OBJECTIVES: To evaluate the real-world association between varenicline and neuropsychiatric adverse events (NPAEs) in general and chronic obstructive pulmonary disease (COPD) population with and without psychiatric disorders compared with nicotine replacement therapy (NRT) to strengthen the knowledge of varenicline safety.
DESIGN: A retrospective cohort study.
SETTING: Prescription database IADB.nl, the Netherlands.
PARTICIPANTS: New users of varenicline or NRT among general (≥18 years) and COPD (≥40 years) population. Psychiatric subcohort was defined as people prescribed psychotropic medications (≥2) within 6 months before the index date.
OUTCOME MEASURES: The incidence of NPAEs including depression, anxiety and insomnia, defined by new or naive prescriptions of related medications in IADB.nl within 24 weeks after the first treatment initiation of varenicline or NRT.
RESULTS: For the general population in non-psychiatric cohort, the incidence of total NPAEs in varenicline (4480) and NRT (1970) groups was 10.5% and 12.6%, respectively (adjusted OR (aOR) 0.85, 95% CI 0.72 to 1.00). For the general population in psychiatric cohort, the incidence of total NPAEs was much higher, 75.3% and 78.5% for varenicline (1427) and NRT (1200) groups, respectively (aOR 0.82, 95% CI 0.68 to 0.99). For the COPD population (1598), there were no differences in the incidence of NPAEs between comparison groups in both the psychiatric cohort (aOR 0.97, 95% CI 0.66 to 1.44) and non-psychiatric cohort (aOR 0.81, 95% CI 0.54 to 1.20). Results from subgroup or sensitivity analyses also did not reveal increased risks of NPAEs but showed decreased risk of some subgroup NPAEs associated with varenicline.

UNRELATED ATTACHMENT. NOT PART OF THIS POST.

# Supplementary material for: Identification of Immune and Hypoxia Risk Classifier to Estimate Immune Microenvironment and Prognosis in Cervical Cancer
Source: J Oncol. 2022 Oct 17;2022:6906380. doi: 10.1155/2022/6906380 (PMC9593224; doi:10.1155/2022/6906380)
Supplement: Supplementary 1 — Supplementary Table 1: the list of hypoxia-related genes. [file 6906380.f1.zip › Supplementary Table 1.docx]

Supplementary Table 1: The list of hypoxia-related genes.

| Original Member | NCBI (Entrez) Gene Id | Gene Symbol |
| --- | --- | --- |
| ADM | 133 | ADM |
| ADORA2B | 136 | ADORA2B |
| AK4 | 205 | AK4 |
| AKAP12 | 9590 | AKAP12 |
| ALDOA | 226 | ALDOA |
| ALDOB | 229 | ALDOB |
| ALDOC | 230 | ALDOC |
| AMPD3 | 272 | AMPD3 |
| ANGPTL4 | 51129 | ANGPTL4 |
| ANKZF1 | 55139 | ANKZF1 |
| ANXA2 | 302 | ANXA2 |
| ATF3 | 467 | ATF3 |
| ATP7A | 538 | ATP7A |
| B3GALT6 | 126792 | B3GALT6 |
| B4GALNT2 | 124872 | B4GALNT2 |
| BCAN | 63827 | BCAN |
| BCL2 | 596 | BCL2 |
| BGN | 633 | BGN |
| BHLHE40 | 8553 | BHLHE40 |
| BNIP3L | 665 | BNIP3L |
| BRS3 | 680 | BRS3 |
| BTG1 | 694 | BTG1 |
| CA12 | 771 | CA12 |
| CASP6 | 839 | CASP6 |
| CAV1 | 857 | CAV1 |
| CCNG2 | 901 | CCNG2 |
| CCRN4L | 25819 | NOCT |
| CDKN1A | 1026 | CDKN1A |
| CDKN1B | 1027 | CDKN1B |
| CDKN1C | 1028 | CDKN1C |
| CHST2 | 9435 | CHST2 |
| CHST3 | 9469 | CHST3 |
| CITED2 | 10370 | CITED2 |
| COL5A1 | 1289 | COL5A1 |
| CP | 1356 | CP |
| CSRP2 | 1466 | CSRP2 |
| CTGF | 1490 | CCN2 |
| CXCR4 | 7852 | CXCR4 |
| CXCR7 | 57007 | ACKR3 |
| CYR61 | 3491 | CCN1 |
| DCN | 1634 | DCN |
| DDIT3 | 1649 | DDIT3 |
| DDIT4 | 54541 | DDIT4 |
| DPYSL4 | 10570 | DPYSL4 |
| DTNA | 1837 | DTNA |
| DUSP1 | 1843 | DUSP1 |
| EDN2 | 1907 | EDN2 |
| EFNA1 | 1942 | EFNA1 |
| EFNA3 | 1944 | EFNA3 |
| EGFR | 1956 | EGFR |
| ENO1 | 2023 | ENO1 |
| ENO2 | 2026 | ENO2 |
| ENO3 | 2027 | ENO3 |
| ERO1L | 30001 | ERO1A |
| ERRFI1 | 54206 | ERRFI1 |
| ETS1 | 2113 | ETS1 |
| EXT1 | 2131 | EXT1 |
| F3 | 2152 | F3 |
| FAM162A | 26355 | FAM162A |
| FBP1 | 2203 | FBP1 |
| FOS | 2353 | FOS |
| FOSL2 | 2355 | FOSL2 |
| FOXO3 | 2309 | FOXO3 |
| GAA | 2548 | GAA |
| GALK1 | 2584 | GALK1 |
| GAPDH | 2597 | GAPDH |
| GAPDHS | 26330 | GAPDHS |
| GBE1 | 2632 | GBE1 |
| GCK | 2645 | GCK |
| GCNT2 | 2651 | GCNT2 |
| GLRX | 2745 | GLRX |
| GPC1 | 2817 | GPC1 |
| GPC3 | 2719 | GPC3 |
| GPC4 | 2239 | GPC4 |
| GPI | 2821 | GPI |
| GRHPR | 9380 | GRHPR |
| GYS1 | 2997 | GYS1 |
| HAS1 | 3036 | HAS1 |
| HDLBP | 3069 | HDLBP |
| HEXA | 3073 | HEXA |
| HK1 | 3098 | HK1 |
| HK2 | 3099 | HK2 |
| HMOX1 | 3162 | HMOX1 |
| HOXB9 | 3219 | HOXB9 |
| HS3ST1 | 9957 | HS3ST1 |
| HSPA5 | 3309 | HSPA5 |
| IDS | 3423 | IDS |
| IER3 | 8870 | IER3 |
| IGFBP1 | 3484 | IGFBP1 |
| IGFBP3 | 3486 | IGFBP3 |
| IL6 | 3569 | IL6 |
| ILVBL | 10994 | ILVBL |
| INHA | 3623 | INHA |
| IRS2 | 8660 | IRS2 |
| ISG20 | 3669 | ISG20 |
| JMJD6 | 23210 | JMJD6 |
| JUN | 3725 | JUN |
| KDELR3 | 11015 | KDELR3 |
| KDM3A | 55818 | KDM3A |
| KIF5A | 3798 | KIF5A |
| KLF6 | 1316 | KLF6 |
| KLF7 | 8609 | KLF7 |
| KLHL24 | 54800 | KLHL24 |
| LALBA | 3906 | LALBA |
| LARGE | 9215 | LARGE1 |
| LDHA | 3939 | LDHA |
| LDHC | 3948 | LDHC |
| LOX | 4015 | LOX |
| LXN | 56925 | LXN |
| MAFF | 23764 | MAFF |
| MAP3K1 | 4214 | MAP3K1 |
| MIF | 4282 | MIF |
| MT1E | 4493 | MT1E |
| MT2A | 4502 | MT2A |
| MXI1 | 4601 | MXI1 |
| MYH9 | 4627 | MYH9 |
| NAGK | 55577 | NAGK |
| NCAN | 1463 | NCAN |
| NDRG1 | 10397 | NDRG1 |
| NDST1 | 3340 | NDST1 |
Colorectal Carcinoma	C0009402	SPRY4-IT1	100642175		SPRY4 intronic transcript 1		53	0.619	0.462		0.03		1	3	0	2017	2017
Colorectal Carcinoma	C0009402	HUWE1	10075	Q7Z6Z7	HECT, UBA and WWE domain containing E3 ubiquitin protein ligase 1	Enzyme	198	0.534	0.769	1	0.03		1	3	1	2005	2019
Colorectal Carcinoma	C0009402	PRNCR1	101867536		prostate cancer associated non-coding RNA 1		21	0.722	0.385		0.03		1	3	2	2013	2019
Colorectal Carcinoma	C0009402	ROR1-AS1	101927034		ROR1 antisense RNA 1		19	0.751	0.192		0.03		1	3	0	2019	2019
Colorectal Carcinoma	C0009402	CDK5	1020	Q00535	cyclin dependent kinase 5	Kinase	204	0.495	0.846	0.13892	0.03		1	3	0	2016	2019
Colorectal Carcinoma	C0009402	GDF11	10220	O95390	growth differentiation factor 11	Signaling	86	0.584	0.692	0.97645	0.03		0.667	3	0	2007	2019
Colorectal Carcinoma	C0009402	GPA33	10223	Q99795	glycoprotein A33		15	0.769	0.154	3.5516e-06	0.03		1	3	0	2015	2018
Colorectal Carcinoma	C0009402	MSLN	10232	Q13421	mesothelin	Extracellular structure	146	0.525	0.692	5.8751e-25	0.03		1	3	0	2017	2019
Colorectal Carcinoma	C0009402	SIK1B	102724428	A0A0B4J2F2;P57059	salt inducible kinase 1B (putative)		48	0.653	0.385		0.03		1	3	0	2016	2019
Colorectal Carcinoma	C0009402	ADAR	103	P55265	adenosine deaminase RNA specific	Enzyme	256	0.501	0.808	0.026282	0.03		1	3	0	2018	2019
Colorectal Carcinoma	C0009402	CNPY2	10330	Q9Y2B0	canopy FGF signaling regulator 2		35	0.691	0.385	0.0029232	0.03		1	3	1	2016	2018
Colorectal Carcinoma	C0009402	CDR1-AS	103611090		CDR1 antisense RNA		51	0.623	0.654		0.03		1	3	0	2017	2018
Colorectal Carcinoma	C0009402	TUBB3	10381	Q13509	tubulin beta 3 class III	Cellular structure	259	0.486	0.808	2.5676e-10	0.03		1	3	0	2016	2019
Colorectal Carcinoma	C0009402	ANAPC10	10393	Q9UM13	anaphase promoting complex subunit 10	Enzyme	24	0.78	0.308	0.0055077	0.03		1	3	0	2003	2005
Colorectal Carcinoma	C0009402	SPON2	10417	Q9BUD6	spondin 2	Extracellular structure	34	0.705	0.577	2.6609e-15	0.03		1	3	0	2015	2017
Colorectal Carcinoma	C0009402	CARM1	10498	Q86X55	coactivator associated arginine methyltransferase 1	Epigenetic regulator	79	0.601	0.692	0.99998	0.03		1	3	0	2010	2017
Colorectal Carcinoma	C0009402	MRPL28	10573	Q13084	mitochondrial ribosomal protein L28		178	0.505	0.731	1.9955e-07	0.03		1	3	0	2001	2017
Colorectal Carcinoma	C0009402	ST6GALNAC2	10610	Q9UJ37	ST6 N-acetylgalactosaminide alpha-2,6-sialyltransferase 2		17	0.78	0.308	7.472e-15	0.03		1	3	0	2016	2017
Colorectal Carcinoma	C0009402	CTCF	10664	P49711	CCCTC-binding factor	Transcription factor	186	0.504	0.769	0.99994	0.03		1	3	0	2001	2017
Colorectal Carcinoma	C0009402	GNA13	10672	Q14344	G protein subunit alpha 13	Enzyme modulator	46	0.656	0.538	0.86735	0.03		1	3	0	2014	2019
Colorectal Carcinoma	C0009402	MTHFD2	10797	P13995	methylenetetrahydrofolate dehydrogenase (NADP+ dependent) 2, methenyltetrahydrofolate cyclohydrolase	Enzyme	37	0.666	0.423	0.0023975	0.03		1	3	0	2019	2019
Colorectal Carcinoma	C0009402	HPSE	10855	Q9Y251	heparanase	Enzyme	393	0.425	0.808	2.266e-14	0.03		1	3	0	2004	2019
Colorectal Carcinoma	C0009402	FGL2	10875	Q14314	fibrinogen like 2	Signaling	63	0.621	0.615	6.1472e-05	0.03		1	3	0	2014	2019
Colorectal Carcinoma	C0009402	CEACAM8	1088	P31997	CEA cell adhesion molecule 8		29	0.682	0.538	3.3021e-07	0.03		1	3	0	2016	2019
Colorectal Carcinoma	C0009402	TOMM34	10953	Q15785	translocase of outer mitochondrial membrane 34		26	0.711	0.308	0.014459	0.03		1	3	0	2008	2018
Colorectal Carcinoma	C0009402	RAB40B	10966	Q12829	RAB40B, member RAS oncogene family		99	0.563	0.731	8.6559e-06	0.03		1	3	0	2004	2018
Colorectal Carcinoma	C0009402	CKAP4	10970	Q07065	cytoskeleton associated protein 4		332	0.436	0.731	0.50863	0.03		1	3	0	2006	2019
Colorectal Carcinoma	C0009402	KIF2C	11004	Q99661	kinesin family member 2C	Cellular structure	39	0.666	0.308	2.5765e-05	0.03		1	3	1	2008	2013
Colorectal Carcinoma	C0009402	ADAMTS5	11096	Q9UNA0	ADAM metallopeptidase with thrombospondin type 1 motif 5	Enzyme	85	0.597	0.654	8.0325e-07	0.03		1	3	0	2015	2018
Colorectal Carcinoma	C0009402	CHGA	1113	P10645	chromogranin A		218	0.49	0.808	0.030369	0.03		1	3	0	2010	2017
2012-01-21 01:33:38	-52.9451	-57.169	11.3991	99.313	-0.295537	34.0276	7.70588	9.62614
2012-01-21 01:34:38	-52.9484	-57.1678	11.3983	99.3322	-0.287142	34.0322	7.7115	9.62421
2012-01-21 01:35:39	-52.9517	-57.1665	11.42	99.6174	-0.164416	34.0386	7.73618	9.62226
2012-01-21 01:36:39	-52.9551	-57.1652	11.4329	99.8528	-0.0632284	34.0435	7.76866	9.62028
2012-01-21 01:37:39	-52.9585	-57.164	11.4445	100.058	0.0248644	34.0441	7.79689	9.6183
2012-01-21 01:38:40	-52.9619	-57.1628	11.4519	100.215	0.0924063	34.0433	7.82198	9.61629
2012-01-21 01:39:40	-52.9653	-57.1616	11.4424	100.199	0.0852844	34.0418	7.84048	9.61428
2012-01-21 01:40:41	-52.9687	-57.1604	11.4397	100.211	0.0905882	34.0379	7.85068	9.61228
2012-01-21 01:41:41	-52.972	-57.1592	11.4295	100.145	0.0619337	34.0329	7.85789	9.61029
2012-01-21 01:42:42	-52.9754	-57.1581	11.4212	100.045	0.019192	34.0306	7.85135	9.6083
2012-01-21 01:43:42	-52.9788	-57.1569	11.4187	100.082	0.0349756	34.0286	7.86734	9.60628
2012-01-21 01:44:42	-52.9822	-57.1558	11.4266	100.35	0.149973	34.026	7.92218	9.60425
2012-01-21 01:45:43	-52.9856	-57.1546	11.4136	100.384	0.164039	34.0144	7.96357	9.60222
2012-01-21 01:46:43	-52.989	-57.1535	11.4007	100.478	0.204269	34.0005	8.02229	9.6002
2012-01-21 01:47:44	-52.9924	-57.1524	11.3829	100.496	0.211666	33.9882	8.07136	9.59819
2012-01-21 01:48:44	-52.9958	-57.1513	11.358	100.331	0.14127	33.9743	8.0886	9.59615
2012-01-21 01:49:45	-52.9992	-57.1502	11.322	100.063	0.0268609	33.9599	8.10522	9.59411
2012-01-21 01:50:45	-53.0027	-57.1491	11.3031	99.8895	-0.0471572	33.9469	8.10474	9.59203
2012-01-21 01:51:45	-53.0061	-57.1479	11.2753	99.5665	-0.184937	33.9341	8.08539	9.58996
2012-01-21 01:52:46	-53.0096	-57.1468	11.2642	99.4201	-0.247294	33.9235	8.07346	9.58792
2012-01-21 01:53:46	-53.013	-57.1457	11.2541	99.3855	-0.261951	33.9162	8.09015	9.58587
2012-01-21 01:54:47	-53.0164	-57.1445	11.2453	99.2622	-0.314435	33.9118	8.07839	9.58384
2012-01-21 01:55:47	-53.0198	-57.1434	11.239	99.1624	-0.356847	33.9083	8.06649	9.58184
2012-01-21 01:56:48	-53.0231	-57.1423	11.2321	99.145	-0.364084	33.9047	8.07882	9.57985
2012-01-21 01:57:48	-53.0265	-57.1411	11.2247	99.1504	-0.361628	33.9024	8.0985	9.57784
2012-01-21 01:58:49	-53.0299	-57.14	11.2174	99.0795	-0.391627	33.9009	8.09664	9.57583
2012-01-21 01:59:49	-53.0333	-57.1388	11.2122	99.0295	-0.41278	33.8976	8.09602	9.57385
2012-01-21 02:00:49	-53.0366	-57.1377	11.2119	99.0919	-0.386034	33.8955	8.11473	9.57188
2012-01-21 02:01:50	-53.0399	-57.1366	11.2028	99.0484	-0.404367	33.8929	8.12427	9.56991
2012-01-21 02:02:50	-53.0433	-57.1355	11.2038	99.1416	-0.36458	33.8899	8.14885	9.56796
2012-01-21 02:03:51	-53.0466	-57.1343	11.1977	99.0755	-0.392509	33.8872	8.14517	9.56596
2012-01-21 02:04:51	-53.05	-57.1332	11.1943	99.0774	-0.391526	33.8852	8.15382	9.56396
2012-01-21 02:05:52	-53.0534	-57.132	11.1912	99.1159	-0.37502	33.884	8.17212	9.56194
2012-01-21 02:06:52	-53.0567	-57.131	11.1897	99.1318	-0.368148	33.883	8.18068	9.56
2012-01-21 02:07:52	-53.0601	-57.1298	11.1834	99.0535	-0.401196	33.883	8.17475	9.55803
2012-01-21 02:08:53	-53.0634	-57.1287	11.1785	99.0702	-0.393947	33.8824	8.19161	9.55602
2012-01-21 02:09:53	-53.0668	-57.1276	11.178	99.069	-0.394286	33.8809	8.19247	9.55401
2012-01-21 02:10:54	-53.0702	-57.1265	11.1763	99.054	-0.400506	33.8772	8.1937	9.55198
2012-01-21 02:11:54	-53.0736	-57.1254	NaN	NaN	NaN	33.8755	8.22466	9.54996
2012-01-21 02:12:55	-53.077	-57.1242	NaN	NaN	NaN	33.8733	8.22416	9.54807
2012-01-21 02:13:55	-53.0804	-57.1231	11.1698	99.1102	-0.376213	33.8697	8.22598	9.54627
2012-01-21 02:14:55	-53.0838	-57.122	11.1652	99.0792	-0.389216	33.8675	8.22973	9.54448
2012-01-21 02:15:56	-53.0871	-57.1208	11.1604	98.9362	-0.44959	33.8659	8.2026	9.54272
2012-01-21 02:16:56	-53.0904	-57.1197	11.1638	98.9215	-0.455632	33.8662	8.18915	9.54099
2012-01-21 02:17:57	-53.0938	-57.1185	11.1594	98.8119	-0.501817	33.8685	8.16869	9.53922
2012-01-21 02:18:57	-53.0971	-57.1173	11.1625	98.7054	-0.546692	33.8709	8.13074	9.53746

CONCLUSIONS: In contrast to the concerns of a possible increased risk of NPAEs among varenicline users, we found a relative decreased risk of total NPAEs in varenicline users of the general population in psychiatric or non-psychiatric cohorts compared with NRT and no difference for NPAEs between varenicline and NRT users in smaller population with COPD.
- SMOKING CESSATION
- DRUG SAFETY
- neuropsychiatric symptoms